Tell us about your career journey and your experience
I’ve worked in the global technology industry for about 25 years now. I landed in it so by accident, more than design, straight out of university. I’m not an engineer by trade. I went through Business School at university and my first role was at AT&T. I worked a lot in mobile communications and wireless networking in the 1990s. What I found very fascinating, and enjoyed was the way that technology changed people’s lives, usually in a positive way. I also liked the globallness of the industry and the opportunity to work with so many bright minds with different perspectives from around the world. I think fairly early on in my career, I realised I had a passion for innovation and that the large corporate culture that I was in wasn’t going to satisfy that.
I made quite a radical decision around the early noughties to leave a large corporate and move to a venture capital funded startup. It was really looking at the evolving mobile data services market, and what sort of content services could generate viable business models. I really spun through a number of other startup type businesses during the noughties and then joined a software services business in 2009.
I’ve really been doing software consultants and software services now for about 10 years. The reason I made that change is because the mobile devices world which I’ve been very focused on up until then, was to open source with the launch of operating systems like Google’s Android, most prominently in the battery. At a structural change within the mobile communications market that would drive demand for software services within that, I thought it’d be a very interesting journey to go on.
I’ve also got a huge passion for British technology companies. I think there’s not enough British technology success stories within the global technology market. So I joined Mobica about 18 months ago as a vehicle to try and do my bit to change that.
How does that make you the right person to bring about change?
What we move into now is a world of everything being connected and data science and artificial intelligence applications off the back of those things being connected. So I have that core experience around connected software, and then I’m able to help C-levels in companies in other industries that aren’t familiar with connectedness and digital, and bring all that experience to bear to help them on their transformation.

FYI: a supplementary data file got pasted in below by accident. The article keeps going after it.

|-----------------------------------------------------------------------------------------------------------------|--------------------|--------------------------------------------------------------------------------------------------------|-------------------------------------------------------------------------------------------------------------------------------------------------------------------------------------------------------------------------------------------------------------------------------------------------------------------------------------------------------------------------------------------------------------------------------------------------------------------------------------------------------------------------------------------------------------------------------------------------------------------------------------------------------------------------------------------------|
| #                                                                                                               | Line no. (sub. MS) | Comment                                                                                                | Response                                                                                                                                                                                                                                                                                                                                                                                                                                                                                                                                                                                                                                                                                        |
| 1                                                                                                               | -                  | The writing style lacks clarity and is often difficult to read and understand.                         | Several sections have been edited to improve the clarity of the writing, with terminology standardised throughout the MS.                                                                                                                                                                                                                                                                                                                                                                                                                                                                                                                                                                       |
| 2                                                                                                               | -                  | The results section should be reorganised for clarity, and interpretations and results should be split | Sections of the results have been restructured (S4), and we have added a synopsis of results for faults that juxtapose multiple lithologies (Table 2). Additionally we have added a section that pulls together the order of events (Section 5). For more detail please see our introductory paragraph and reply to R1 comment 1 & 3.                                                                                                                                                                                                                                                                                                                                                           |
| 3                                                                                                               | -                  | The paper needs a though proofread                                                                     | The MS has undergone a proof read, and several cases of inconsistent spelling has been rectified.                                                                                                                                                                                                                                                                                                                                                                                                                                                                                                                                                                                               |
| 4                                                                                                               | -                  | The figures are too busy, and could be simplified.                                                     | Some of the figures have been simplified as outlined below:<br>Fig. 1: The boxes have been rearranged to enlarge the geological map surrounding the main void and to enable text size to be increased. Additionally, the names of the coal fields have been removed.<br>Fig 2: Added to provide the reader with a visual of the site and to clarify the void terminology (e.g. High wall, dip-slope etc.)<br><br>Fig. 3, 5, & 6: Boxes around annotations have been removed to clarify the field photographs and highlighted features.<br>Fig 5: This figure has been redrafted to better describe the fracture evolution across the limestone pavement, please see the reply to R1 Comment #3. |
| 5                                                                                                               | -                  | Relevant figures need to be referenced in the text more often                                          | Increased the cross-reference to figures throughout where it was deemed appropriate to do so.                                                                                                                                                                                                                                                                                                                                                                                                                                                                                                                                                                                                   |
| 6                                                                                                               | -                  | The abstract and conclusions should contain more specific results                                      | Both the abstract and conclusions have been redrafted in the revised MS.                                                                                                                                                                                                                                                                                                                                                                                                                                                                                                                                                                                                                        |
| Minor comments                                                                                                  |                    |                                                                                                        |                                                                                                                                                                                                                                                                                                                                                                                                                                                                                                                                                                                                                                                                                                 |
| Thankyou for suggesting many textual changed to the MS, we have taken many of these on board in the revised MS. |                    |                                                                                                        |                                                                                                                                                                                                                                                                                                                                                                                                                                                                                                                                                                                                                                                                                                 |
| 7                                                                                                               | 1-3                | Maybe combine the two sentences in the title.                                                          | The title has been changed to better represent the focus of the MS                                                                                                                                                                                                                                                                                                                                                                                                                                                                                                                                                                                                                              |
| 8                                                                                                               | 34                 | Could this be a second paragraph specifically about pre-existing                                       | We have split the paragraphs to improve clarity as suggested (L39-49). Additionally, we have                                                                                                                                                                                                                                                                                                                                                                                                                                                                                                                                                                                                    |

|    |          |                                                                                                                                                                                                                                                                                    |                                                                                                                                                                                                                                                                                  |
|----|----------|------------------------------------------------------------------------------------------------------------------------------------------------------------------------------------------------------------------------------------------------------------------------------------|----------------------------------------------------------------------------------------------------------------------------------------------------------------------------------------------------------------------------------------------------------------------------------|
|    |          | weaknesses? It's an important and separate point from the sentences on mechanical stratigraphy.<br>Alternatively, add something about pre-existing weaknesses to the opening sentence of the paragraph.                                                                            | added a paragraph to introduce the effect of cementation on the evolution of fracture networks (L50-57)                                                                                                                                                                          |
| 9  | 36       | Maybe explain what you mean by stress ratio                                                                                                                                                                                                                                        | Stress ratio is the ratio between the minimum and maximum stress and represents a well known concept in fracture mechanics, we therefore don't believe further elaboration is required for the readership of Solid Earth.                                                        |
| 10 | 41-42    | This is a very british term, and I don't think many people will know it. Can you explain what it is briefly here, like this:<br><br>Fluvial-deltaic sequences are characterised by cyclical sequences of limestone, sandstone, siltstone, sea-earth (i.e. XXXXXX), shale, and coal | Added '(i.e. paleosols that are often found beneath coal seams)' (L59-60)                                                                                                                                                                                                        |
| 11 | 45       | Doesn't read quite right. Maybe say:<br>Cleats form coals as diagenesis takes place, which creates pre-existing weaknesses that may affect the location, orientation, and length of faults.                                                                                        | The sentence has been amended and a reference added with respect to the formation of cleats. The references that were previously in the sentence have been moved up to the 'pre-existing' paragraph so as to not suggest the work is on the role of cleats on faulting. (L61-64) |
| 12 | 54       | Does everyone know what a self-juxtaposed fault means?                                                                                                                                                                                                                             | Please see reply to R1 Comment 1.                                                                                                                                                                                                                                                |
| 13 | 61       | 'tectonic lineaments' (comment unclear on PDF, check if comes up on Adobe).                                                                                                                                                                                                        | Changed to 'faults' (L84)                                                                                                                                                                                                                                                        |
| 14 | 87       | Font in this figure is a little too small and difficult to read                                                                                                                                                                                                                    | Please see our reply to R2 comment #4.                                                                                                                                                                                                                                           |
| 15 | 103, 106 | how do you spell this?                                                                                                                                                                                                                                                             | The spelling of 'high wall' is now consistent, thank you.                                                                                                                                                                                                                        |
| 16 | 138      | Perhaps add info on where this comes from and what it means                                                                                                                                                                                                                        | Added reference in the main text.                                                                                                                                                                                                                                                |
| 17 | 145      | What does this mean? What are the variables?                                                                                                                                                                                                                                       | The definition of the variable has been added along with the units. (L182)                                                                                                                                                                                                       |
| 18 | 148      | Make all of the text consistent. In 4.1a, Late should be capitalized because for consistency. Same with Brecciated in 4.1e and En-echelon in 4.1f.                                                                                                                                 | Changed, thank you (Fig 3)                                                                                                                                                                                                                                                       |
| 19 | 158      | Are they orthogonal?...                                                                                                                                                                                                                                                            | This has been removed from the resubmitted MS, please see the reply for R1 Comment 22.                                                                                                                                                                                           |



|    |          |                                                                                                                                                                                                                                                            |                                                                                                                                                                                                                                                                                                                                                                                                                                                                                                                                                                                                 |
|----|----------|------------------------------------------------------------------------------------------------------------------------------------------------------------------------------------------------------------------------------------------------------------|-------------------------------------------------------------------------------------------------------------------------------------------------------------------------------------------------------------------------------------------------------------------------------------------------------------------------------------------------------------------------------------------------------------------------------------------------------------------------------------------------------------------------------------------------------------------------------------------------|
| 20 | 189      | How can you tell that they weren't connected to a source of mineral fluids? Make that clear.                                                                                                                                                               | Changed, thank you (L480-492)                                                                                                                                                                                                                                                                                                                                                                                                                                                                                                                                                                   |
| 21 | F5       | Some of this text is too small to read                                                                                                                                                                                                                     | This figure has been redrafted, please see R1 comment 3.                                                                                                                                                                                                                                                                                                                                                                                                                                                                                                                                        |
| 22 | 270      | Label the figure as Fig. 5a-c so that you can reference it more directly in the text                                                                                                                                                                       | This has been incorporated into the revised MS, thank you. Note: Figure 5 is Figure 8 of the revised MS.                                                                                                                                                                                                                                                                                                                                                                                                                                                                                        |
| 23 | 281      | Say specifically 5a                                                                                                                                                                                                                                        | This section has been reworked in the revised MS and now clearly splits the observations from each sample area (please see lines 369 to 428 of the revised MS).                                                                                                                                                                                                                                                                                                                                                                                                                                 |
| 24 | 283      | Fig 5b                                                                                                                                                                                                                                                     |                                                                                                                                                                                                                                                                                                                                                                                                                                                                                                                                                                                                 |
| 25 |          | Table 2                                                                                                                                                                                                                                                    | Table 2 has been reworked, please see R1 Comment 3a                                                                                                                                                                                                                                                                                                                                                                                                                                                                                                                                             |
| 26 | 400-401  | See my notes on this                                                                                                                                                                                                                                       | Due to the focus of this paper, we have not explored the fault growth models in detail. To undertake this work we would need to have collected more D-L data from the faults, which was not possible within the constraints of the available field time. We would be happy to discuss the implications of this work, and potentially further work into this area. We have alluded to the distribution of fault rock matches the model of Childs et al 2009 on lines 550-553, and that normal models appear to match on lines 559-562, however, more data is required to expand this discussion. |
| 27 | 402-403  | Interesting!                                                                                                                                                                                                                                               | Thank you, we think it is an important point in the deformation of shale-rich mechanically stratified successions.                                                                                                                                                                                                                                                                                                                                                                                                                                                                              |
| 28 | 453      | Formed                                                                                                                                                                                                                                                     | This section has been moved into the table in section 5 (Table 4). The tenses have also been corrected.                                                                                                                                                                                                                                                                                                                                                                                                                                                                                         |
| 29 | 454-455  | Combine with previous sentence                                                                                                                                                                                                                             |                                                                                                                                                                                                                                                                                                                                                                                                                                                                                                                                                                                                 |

How has the technology conversation changed?
10-15 years ago, I thought the technology industry was far more discrete and defined. And in fact, some industries and many companies really didn’t need to dip any more than their toe into it. I think we’re on the cusp of a revolution now where everything’s connected, and through that the things that are connected we’ll be able to acquire artificial intelligence over time.
I just don’t think there’s any industry or there’s any company within an industry that has been great at embracing that now. I think that’s the fundamental difference for me. There were the technology industries that were more disruptive and defined. Now it’s totally pervasive and it’s a driver of strategic change to businesses and business models and industries. You just, you can’t avoid it, wherever you’re working.
How has the traditional
There are more customers that are, as a legacy, not so technically proficient and need support to really understand the potential for strategic change the technology is bringing and how to implement that within their business.
Where does Mobica fit into this
We support customers in two areas, either modernization or transformation in relation to enabling technologies.
Modernization is probably not quite as strategic in context of the transformation piece. Now, a good example would be cloud applications which are quite a trend. In recent years, we’re really moving apps to the cloud. We help companies deal with the technical challenges that this new type of technology brings to the transformation. Part of the work we do is where there’s a combination of new technology that facilitates a fundamental redesign of the business model, and potentially of the structure of the company too. We help them think about the way to design that transformational change/
How do you define transformation?
In the transformation paradigm when you talk about strategic design, you look at what your brand might be in a digital environment or what the business model might be. Often the scenario is that companies are moving from tech non/digital to digital for revenue generation. That can fundamentally change the way they address the customers, the way the brand reaches out. So in many ways, the starting point for me is strategic design and non technical. The outcome of a strategic design process, though, becomes a very technical software engineering implementation.
What are the challenges?